The Spectral and the Material

 We offer a simple hypothesis: that the very polarity of contemporary China can be used to triangulate, however distantly, a path that leads to a world beyond the black smog, red dust and cold, glittering cities of this one. This is because China and the many questions that it poses play a contradictory role for both the dominant ideology of “no alternative” capitalism and for the prospects of a communist opposition to the world as it presently exists. At the moment, all attempts to focus in on the “China Question” have tended to end in a sort of inconclusive mist. Neither self-professed Marxists nor mainstream commentators seem able to settle on any account of what, exactly, China even is. The result is an endless proliferation of often humorous oxymorons and role-reversals. The Wall Street Journal picks up the theoretical leftovers of Bukharin, Lenin and CLR James, declaring the Chinese economy a variant of “state capitalism.”[3] Meanwhile, even otherwise insightful Marxists readily accept either the Chinese state’s positive narrative of its own “win-win” hegemonic expansion, or the dire picture painted by US warhawks, who envision the rise of a new Cold War.[4] Such analyses rapidly invert and fold in on one another until they’re reduced to indistinct shapes cloaked in a smog of platitudes and cherry-picked investment numbers.

 But this also creates a sort of analytic opening: the China question, if approached outside the bounds of ideology or orthodoxy, with a rigorous Marxist method seeking to understand the basic laws of motion of the world as it exists, offers an unparalleled window into the future of that world, which we call the material community of capital.[5] In the centerpiece article of this issue, “red dust” is repurposed from its classical provenance to describe this material community, a fitting description for the mode of production in which all that is solid melts into air. But what melts into air doesn’t truly disappear, instead amassing in crisis, in rust belts of mummified labor, in seething riots and toppled regimes. The ominous smog enclosing those cities is therefore a sort of living illustration of the transition itself, as if it were capital’s phantasmic form pillaging its way across the surface of a hollowing earth. If the smog levels in Beijing are finally decreasing, this merely means that the shapeless monstrosity has descended elsewhere: now Hanoi, now Dhaka, now Dar es Salaam and Lagos. The image of the smog-choked city, then, marks the expansion of the material community and symbolizes the way that this expansion and the relations of production that drive it are obscured by the real abstractions that they themselves generate.[6]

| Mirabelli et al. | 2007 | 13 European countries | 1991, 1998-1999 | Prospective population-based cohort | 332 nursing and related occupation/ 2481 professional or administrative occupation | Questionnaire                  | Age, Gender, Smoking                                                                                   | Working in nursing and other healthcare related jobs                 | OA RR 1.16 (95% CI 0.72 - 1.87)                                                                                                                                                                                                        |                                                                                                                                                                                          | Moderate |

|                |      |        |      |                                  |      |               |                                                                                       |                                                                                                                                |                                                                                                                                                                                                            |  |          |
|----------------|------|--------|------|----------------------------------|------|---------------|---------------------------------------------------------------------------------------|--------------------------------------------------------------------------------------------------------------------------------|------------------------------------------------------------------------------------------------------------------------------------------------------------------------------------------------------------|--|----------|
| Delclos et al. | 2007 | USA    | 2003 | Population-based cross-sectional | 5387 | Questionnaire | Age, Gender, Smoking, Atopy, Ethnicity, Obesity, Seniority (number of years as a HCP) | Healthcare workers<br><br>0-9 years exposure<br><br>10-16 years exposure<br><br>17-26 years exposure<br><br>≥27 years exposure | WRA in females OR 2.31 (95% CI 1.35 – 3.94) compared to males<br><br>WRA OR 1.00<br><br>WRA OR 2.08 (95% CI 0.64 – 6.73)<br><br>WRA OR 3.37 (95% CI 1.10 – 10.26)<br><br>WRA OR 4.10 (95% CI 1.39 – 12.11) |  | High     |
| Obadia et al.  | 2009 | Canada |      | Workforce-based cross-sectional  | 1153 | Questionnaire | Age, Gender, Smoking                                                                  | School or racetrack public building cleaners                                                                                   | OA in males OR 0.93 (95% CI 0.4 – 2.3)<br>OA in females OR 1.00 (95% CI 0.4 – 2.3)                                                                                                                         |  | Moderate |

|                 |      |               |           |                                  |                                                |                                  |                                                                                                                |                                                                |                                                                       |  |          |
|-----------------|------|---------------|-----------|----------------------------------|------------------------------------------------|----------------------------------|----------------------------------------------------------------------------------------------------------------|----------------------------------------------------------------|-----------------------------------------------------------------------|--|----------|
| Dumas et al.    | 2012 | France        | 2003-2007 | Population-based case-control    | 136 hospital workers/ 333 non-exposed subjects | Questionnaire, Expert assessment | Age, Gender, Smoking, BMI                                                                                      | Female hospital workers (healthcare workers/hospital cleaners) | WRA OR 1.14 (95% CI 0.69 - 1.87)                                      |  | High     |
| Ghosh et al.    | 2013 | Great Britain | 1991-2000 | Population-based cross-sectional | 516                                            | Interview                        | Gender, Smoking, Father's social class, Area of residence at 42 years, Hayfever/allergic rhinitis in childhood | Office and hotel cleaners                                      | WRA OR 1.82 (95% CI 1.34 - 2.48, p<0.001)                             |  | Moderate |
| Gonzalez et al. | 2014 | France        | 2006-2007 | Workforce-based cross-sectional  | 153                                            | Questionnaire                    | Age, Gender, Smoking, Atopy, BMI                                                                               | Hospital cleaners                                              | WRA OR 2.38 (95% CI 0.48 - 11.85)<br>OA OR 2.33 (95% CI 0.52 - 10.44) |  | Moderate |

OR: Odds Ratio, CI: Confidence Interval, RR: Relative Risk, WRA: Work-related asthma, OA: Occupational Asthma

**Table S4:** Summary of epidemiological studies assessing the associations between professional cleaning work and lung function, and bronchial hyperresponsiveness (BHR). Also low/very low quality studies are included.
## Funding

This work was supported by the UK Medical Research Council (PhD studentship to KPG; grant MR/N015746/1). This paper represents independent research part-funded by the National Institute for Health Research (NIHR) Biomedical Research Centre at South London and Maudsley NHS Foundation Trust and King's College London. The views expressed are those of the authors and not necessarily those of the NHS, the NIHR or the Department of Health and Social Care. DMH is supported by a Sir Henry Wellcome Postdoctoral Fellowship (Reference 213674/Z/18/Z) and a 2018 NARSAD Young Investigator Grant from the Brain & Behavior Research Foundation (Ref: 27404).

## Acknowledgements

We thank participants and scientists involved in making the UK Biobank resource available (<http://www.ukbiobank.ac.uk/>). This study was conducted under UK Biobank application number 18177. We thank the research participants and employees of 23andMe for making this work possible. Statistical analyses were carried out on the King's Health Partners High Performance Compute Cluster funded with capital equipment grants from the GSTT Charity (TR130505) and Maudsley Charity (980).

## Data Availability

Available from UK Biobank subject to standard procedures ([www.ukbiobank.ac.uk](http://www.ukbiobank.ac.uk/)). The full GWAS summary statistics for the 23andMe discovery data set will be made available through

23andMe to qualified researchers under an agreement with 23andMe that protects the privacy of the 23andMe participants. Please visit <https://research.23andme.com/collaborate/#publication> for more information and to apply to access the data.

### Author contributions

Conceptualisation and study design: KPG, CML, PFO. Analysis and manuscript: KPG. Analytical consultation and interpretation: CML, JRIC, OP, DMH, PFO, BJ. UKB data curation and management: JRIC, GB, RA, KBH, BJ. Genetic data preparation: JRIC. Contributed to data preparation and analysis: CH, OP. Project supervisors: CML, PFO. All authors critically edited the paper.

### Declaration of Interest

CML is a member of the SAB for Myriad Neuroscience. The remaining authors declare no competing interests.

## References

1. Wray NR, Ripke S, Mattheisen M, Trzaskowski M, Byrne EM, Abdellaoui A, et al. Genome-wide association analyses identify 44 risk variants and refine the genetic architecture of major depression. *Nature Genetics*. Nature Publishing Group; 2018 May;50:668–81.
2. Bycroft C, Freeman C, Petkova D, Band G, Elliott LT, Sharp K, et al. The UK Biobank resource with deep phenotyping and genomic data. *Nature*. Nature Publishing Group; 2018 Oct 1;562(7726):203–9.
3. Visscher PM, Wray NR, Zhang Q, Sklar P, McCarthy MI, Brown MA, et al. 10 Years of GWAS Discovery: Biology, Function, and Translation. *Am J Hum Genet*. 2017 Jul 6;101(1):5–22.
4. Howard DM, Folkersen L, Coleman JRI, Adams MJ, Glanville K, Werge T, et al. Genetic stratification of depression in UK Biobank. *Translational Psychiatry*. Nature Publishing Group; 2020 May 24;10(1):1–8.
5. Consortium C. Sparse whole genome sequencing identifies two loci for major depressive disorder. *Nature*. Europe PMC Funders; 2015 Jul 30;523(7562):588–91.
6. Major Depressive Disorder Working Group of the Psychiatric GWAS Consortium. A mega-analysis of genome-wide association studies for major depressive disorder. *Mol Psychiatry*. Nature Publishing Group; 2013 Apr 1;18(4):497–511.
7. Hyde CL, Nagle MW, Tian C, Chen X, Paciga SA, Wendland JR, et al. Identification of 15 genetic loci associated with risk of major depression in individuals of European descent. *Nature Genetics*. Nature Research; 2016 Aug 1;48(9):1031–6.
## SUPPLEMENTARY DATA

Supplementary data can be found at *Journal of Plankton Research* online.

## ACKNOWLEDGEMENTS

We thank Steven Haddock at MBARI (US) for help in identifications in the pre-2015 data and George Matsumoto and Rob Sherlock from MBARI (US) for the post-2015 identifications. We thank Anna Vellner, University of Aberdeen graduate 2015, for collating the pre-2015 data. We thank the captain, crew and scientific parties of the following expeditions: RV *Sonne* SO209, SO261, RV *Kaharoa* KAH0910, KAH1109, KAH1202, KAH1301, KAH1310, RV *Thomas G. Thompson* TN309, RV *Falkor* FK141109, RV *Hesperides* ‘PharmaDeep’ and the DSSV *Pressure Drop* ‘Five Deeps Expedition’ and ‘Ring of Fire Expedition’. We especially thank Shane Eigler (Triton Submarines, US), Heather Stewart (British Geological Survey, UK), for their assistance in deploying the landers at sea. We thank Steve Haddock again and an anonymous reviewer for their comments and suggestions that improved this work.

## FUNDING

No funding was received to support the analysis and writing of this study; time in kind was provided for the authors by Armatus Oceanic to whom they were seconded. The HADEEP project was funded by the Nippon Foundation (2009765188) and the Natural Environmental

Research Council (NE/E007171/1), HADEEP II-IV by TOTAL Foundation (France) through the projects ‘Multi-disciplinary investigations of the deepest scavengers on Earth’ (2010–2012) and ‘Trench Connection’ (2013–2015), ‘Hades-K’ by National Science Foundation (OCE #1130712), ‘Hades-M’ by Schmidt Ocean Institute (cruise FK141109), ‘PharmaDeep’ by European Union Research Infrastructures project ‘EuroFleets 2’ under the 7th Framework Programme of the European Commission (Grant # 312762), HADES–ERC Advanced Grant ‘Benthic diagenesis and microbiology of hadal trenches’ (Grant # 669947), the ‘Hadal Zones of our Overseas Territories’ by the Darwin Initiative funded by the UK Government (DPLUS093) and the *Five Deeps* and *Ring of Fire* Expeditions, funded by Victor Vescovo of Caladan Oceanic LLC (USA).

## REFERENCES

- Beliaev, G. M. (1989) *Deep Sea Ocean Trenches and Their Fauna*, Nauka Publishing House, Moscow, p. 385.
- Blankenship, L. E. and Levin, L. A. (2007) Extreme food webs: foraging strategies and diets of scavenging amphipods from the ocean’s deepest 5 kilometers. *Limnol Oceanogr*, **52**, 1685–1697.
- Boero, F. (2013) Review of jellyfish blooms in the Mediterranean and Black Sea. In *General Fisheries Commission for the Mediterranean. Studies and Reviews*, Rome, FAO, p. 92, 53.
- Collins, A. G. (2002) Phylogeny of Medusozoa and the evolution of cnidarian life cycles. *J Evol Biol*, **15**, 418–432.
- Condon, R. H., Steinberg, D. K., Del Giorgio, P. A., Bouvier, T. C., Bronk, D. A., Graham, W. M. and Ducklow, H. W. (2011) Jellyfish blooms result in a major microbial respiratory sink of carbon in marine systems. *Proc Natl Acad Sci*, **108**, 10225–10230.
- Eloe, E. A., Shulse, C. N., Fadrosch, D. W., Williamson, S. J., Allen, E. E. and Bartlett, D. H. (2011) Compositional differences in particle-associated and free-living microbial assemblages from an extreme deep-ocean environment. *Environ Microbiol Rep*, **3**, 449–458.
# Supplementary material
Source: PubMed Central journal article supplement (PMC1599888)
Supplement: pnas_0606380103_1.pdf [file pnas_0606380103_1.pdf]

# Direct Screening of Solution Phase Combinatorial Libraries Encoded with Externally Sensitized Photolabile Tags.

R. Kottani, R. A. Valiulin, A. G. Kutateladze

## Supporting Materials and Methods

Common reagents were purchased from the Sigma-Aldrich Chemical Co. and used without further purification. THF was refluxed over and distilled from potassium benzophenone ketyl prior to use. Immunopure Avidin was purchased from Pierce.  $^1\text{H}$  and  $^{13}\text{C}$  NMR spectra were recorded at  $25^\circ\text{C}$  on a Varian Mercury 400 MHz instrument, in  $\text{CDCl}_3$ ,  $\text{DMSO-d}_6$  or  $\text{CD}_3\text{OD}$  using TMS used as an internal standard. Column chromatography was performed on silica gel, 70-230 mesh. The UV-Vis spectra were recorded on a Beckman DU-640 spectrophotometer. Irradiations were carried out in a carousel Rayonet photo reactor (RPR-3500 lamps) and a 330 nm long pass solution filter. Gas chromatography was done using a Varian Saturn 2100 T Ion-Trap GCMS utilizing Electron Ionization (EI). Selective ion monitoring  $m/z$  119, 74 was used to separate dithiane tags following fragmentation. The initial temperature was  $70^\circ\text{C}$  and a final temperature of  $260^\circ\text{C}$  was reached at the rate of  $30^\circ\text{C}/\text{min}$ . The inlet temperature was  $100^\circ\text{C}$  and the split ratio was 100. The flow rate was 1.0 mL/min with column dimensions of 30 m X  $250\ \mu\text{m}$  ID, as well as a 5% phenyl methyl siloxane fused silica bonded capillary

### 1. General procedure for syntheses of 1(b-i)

The basic, defining feature of subsumption into the material community of capital is the subjection of production and all attendant features of life to the overarching demands of such real abstractions. Among the most important of these is the need for value to continually accumulate, conceptually rendered as the “common sense” that economic growth must be constantly increasing, and that any pause or decline in growth rates will cause an economic and social crisis of massive proportions. This is not simply a belief that people hold, nor is it a dynamic driven by the “greed” of consumers or capitalists. It is a real abstraction because an entire constellation of material forces produce real effects in line with its logic, regardless of the belief systems or moral purity of the people who staff such systems. The material community of capital is a “material” community precisely because of this inversion between subject and object. It is not a human community, but instead one in which the machine-logic of capital has taken on an autonomous character. The prime mover in this community is therefore not masses of people, not leaders, nor even cultural or religious institutions, but capital in process. Everything else is reduced to a merely material mediation for the spectral circuit of accumulation. 

 

Territories